Maria Kochetkova knows you can't have everything. So the international ballet star is prioritizing one thing: Freedom.
"The perfect company doesn't exist," she says. "For me, it is most important to have freedom as an artist. Our career is so short and I want to have opportunities that exist outside of companies. I want to know and learn everything about my craft from classical to contemporary."
New York City Ballet's Nutcracker has been performed every year since 1954. Photo by Paul Kolnik, via nycb.com
Love it or hate it, come December, The Nutcracker is ubiquitous. It's easy to wonder whether it's sustainable to keep performing the same holiday classic year after year, or to spend millions of dollars reinventing it for new productions. But believe it or not, the show's popularity is only growing.
Every year, Dance/USA conducts a Nutcracker Survey on its member companies, compiling data about ticket sales, attendance and more. The organization just reported on the state of the Nutcracker for the first time since 2008, and the data shows just how much the ballet's prevalence has grown in the past 10 years—and how much companies have come to rely on it as a revenue source:
Ballet Austin's corps in Snow Scene. Photo by Anne Marie Bloodgood, courtesy Ballet Austin.
Few people who are busier during the holidays than corps members of American ballet companies. December is officially Nutcracker season—a company's chance to earn a huge chunk of their revenue for the year, and a dancer's chance to go a little, ahem, nuts, waltzing and swallowing fake snow night after night for weeks on end.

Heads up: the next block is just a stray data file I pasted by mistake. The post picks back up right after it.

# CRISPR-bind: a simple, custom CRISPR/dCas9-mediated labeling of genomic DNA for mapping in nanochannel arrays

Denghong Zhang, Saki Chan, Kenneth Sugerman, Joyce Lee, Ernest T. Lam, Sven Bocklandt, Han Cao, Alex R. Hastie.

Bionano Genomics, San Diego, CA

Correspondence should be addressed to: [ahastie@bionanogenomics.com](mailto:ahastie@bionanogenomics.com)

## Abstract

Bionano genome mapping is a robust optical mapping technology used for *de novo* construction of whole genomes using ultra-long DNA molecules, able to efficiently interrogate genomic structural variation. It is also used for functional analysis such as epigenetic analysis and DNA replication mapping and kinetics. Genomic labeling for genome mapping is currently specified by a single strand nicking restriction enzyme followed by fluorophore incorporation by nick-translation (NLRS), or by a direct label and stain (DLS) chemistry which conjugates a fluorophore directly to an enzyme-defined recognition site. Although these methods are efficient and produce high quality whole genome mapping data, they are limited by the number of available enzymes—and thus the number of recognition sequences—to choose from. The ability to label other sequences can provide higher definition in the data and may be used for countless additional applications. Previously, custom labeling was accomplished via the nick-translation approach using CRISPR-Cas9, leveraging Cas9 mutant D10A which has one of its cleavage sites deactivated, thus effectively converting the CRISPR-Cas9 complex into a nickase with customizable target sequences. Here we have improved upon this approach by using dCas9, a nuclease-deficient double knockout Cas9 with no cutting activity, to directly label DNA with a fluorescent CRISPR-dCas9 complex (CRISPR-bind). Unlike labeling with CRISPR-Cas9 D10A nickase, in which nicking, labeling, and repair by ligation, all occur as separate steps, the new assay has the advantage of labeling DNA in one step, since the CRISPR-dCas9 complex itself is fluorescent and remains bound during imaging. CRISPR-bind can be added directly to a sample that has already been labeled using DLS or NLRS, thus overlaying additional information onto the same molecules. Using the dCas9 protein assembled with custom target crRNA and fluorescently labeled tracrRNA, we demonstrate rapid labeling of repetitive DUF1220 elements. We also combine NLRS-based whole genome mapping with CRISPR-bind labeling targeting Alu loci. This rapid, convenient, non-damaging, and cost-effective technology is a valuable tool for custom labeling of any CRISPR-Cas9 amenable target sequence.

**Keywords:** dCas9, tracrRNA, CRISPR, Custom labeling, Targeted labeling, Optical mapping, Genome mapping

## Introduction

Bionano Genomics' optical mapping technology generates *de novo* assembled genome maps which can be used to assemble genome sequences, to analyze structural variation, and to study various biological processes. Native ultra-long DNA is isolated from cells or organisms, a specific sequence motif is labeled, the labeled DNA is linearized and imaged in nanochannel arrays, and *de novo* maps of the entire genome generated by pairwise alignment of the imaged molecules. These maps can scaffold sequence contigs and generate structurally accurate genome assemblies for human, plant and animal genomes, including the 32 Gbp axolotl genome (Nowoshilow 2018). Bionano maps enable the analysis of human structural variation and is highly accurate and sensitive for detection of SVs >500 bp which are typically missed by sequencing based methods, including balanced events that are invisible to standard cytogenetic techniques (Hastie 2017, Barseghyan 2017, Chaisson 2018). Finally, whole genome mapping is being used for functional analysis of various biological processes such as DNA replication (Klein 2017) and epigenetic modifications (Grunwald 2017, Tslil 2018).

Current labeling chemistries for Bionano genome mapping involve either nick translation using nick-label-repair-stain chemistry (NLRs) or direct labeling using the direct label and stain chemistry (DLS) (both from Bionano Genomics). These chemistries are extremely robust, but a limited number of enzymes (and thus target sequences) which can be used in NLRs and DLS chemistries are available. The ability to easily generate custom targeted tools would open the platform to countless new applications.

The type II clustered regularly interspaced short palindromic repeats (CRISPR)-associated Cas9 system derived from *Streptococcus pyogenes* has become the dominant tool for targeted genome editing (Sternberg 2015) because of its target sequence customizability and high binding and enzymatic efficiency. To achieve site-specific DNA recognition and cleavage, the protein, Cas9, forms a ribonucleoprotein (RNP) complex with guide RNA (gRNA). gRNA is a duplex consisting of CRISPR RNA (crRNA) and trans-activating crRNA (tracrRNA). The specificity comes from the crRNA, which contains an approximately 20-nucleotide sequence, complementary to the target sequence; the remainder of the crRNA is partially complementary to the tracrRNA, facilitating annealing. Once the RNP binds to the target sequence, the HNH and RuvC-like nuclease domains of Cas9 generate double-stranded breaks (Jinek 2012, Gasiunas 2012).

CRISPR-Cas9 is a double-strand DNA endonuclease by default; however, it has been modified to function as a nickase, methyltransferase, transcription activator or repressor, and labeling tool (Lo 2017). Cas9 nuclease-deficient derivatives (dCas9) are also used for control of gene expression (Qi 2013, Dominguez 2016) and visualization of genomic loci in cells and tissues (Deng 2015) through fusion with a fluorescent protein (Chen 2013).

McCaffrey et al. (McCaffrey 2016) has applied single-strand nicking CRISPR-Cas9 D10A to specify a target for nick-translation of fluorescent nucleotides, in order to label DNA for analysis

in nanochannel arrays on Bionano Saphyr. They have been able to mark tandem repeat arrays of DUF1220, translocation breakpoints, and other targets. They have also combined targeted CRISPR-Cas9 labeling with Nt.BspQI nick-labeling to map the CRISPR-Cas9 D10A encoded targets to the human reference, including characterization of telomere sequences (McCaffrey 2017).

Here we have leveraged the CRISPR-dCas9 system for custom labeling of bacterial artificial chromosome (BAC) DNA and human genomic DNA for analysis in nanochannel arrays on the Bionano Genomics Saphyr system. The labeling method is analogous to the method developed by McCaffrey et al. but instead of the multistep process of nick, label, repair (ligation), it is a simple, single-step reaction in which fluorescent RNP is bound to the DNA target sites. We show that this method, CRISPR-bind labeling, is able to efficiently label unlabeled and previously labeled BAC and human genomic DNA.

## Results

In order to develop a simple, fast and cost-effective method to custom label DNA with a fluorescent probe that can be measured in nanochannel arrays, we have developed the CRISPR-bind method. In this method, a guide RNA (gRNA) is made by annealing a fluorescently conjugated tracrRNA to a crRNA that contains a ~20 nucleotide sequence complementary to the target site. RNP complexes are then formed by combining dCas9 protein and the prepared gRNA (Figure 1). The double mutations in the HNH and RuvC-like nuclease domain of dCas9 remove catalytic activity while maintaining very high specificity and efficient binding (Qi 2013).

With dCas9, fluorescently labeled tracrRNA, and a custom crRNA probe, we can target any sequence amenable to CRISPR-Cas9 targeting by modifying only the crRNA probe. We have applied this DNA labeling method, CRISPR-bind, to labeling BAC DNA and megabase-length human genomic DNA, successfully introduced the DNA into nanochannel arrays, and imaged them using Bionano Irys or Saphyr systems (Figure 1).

But Nutcracker can also be an opportunity like no other, and for some corps members, it's the highlight of their year. Five dancers told us what helps them get through it all.
Photo credits, clockwise from bottom left: Peter Mueller, Courtesy Cincinnati Ballet; Jayme Thornton; Jochen Viehoff, Courtesy Stephanie Troyak; Karolina Kuras, Courtesy National Ballet of Canada; Natasha Razina, Courtesy State Academic Mariinsky Theatre; Kim Kenney, Courtesy Atlanta Ballet; Jim Lafferty; Arian Molina Soca, Courtesy Pennsylvania Ballet; Altin Kaftira, Courtesy Dutch National Ballet; Scott Shaw, Courtesy Shamar Wayne Watt
What's next for the dance world? Our annual list of the dancers, choreographers and companies that are on the verge of skyrocketing has a pretty excellent track record of answering that question.
Here they are: the 25 up-and-coming artists we believe represent the future of our field.